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Showing posts from March, 2019

Abbey House and Ranton Abbey, Ranton, Staffordshire

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Ranton is a quiet little hamlet in Staffordshire, around 3 miles from Stafford and it is recorded in the Doomsday Book in 1086 under the Pirehill Hundred.

One thing about Ranton though is that it has hidden a couple of pretty big pieces of history that most people in Staffordshire probably know nothing about. Ranton Abbey's surviving 14th century tower and the ruins of Abbey House, a large country manor house in a 300 acre estate.

Ranton Abbey (also known as Ranton Priory), was built in 1150 by Robert Fitz Noel of Ellenhall. It was an Augustian Abbey and flourished in the 13th century, as a subordinate house to Haughmond Abbey (near Shrewsbury). Life at Ranton was not necessarily the peaceful existence which we might expect though, as there are many recorded problems with discipline and mismanagement, particularly in the 14th century.



The Abbey was dissolved by the Act of 1536 (Dissolution of the Monasteries). There is some evidence that the cloisters and some other parts were st…

Abbey House and Ranton Abbey, Ranton, Staffordshire

Image
Ranton is a quiet little hamlet in Staffordshire, around 3 miles from Stafford and it is recorded in the Doomsday Book in 1086 under the Pirehill Hundred.

One thing about Ranton though is that it has hidden a couple of pretty big pieces of history that most people in Staffordshire probably know nothing about. Ranton Abbey's surviving 14th century tower and the ruins of Abbey House, a large country manor house in a 300 acre estate.

Ranton Abbey (also known as Ranton Priory), was built in 1150 by Robert Fitz Noel of Ellenhall. It was an Augustian Abbey and flourished in the 13th century, as a subordinate house to Haughmond Abbey (near Shrewsbury). Life at Ranton was not necessarily the peaceful existence which we might expect though, as there are many recorded problems with discipline and mismanagement, particularly in the 14th century.



The Abbey was dissolved by the Act of 1536 (Dissolution of the Monasteries). There is some evidence that the cloisters and some other parts were st…

Plas Newydd, Llangollen, Wales - Home of The Ladies of Llangollen

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At the turn of the eighteenth century Llangollen was well-known for being the home of the Ladies of Llangollen : Lady Eleanor Butler and Miss Sarah Ponsonby. The romantic story of their elopement from their families in Ireland, their journey to Wales and their setting up home at Plas Newydd captured the imagination of Regency society. They claimed they were seeking a better way of life, devotion to an ideal but with hindsight we can see Eleanor Butler and Sarah Ponsonby were probably just devoted to each other. This 18th century couple found each other in Ireland where they lived in the comfort and privilege provided by their wealthy families.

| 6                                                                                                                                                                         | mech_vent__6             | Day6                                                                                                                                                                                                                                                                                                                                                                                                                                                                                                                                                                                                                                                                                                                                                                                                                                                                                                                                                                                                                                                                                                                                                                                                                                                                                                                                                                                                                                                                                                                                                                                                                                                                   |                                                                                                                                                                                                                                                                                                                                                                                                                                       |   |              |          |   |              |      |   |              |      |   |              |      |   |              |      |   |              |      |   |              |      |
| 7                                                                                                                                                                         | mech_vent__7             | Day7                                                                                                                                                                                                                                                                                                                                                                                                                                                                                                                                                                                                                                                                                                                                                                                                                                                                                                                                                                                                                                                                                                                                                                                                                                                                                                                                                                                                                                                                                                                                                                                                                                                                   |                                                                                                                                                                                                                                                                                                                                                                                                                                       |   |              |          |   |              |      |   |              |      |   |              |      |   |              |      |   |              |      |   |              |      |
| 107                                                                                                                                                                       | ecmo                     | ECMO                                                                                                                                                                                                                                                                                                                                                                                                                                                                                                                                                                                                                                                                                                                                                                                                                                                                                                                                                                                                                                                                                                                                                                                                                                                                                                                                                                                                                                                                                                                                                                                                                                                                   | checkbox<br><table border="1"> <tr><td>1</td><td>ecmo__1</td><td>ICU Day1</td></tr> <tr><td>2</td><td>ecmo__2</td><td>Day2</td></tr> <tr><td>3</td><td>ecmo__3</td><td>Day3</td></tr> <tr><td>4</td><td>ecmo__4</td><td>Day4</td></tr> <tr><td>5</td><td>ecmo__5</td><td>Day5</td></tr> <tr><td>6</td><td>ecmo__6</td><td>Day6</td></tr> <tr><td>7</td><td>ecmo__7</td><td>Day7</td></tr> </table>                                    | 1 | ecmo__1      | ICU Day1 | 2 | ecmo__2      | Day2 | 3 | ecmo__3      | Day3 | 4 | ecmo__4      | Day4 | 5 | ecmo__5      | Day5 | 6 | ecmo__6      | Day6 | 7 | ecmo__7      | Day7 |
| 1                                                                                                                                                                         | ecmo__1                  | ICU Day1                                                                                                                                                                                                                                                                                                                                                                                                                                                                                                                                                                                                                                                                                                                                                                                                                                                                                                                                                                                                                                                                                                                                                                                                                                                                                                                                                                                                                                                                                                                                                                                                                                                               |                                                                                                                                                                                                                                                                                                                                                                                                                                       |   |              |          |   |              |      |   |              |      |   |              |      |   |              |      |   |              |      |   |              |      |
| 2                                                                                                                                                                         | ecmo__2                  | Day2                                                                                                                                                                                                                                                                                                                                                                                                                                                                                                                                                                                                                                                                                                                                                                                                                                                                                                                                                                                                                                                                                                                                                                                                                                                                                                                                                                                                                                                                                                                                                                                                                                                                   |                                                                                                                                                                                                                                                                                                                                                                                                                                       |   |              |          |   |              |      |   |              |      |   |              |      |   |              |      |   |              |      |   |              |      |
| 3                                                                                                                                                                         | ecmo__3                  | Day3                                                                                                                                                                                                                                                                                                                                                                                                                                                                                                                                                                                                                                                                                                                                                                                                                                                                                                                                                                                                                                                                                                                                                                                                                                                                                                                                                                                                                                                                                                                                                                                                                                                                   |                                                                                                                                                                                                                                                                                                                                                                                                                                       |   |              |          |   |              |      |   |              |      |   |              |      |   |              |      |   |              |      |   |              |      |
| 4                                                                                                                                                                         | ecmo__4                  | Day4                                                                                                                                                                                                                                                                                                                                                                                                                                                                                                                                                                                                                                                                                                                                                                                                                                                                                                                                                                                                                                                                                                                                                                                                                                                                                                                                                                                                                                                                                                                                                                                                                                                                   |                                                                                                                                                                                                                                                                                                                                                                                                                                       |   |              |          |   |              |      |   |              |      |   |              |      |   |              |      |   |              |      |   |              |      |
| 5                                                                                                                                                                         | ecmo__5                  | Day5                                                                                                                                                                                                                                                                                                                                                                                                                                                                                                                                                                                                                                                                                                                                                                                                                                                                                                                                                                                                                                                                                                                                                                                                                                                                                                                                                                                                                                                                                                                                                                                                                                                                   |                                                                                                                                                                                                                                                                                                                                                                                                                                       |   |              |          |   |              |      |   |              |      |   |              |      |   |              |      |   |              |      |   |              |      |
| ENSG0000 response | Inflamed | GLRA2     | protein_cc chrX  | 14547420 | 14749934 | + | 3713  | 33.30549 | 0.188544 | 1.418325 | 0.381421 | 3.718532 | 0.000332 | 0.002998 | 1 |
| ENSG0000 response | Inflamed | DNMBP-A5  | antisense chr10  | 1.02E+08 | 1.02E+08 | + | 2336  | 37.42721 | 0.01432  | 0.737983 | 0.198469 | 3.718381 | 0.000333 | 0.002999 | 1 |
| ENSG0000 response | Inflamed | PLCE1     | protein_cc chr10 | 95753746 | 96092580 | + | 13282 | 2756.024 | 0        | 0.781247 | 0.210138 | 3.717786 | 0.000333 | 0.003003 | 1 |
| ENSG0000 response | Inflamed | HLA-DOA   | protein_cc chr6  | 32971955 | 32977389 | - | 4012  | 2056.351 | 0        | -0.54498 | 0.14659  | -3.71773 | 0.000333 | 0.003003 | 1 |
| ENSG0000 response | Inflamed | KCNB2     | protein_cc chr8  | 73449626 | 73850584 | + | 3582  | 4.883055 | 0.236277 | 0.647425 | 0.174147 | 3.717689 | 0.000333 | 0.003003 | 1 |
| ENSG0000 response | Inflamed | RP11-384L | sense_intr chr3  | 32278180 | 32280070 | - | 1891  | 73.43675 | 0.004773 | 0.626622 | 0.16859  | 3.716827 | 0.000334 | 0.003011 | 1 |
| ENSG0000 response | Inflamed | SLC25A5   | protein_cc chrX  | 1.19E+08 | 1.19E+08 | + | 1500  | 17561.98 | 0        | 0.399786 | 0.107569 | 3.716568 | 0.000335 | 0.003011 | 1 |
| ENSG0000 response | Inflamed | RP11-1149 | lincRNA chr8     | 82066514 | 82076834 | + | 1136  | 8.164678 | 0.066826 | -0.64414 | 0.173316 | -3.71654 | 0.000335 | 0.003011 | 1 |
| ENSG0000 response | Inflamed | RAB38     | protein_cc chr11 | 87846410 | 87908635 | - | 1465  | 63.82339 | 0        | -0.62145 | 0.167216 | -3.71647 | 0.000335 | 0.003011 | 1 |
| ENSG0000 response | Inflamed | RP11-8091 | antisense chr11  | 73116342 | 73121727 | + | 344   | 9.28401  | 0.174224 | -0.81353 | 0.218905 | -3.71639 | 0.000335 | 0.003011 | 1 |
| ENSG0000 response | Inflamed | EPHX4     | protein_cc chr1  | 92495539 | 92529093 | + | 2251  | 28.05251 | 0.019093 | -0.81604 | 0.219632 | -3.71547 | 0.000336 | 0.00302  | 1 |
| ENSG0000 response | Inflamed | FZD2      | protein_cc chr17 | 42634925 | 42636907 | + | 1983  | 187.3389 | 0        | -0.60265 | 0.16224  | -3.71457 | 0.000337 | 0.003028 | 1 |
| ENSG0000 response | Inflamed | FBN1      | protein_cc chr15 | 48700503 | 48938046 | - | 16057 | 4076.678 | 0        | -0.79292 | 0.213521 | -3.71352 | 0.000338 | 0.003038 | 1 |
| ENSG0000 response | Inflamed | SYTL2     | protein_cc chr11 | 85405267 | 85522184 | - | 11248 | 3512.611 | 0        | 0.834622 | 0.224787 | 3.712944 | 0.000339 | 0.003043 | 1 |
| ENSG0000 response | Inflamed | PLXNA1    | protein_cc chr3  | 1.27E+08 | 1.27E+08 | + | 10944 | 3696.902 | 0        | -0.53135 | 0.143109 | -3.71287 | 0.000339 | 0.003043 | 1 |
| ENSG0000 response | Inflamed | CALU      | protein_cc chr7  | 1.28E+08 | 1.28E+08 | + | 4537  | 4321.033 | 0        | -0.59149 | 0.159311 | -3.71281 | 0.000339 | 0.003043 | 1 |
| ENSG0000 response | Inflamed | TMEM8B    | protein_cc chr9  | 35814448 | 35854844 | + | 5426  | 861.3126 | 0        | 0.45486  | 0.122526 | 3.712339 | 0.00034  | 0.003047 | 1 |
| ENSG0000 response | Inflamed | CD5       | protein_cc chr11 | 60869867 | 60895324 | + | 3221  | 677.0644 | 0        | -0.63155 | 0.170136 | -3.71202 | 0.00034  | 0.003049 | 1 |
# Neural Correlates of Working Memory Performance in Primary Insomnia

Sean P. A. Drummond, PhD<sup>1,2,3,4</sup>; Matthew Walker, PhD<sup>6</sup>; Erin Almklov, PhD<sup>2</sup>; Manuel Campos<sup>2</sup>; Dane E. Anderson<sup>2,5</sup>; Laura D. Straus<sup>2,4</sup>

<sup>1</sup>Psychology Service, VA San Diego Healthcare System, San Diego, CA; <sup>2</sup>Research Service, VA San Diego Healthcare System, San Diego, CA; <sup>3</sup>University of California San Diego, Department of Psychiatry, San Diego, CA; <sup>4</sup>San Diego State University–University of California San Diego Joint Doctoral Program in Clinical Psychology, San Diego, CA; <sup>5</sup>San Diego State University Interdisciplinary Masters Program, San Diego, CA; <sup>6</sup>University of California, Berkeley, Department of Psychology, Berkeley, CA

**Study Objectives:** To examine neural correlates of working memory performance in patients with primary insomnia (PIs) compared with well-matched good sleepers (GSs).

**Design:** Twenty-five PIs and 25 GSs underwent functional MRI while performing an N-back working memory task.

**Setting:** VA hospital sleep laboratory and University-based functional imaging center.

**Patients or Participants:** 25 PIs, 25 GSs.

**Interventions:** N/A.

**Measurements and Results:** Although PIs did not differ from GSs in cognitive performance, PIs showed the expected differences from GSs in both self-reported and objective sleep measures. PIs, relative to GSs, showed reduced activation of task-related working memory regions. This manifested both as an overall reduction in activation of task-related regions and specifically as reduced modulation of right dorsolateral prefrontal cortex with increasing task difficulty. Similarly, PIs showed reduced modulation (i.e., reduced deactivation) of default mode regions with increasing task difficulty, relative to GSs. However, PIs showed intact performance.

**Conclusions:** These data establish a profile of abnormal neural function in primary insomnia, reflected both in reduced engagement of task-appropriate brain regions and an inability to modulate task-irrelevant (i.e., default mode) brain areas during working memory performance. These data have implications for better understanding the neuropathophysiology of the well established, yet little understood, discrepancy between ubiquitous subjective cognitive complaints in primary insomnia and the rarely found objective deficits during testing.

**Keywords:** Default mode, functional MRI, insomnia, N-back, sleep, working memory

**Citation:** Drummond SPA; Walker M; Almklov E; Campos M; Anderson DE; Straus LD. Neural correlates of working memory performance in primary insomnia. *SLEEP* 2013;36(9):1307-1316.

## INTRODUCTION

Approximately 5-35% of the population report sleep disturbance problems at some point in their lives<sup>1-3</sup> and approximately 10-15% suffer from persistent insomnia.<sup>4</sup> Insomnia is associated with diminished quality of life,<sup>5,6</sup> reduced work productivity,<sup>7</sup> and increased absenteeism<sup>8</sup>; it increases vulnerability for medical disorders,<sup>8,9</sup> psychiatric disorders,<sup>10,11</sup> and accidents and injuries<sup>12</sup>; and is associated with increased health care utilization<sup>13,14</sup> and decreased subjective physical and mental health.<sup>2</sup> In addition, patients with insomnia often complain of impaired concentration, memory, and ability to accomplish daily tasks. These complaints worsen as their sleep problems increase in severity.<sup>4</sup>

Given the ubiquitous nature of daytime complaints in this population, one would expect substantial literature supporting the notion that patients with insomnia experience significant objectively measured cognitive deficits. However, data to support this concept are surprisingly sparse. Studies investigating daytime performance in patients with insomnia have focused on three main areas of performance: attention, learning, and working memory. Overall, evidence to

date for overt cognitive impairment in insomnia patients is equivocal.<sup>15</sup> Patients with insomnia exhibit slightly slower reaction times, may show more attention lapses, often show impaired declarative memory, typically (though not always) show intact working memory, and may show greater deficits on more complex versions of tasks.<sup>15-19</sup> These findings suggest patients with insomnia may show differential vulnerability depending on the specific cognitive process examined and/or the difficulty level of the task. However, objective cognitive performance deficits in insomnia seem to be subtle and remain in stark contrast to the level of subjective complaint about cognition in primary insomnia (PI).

Over the years they improved their home and created a way of life peculiarly their own.They became more and more reclusive, hiding from strangers. Although the more they did this, the more popular they became. Avid readers, their library improved to become one of the best in the area and their home was fitted in good taste throughout. 


Plas Newydd…

Stanley Pool, Bagnall, Staffordshire

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As it has rained almost none stop for over a week, we thought it might be nice to take the dogs for a walk to Stanley Pool and have a look at how the dam was flowing. As it turns out, it was flowing quite well!


This is the dam at the north west end of Stanley Pool. It was built in 1786 as an 8 acre reservoir to supply water for the nearby Cauldon Canal. The pool was enlarged to 33 acres in 1840 with the construction of the dam in the photograph. The pool above was created by damming the stream flowing to the west of the village of Stanley. Today the pool is used for fishing and has a sailing club.


It isn't just the dam and the pool that are interesting though, there are some lovely walks around the area too, with lots of wildlife and bird to be seen. The public footpaths are clearly sign posted and are available to view on local OS maps of the area. I would advise going on either a sunny summer day or after a lot of rain, which is when the over flow is most interesting.


The direct…

Mandale Mine, Lathkill Dale, Derbyshire

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Hidden deep in the valley of Lathkill Dale in The Peak District is a little known Scheduled Ancient Monument. This is one of the most beautiful valleys in the Derbyshire Dales and is only about 3 miles from Bakewell. You can park at the pay and display car park at Over Haddon and then head down the steep road that decends into the valley.



This area is a nature reserve of national significance and contains several rare species of plants including the rare Jacobs Ladder that is found growing in one location, isolated, in Lathkill Dale.  As you walk along the beautiful and crystal clear river in the valley, you start to see remnants of an industrial past. The odd bit of rock that doesn't quite look natural, or parts of the river that look man made. It's only when you come to the open mouth of a cave next to you that you realise this is a place of some importance.


Keep walking along the path by the river and keep a look on your right, as out of the trees you will see the huge skel…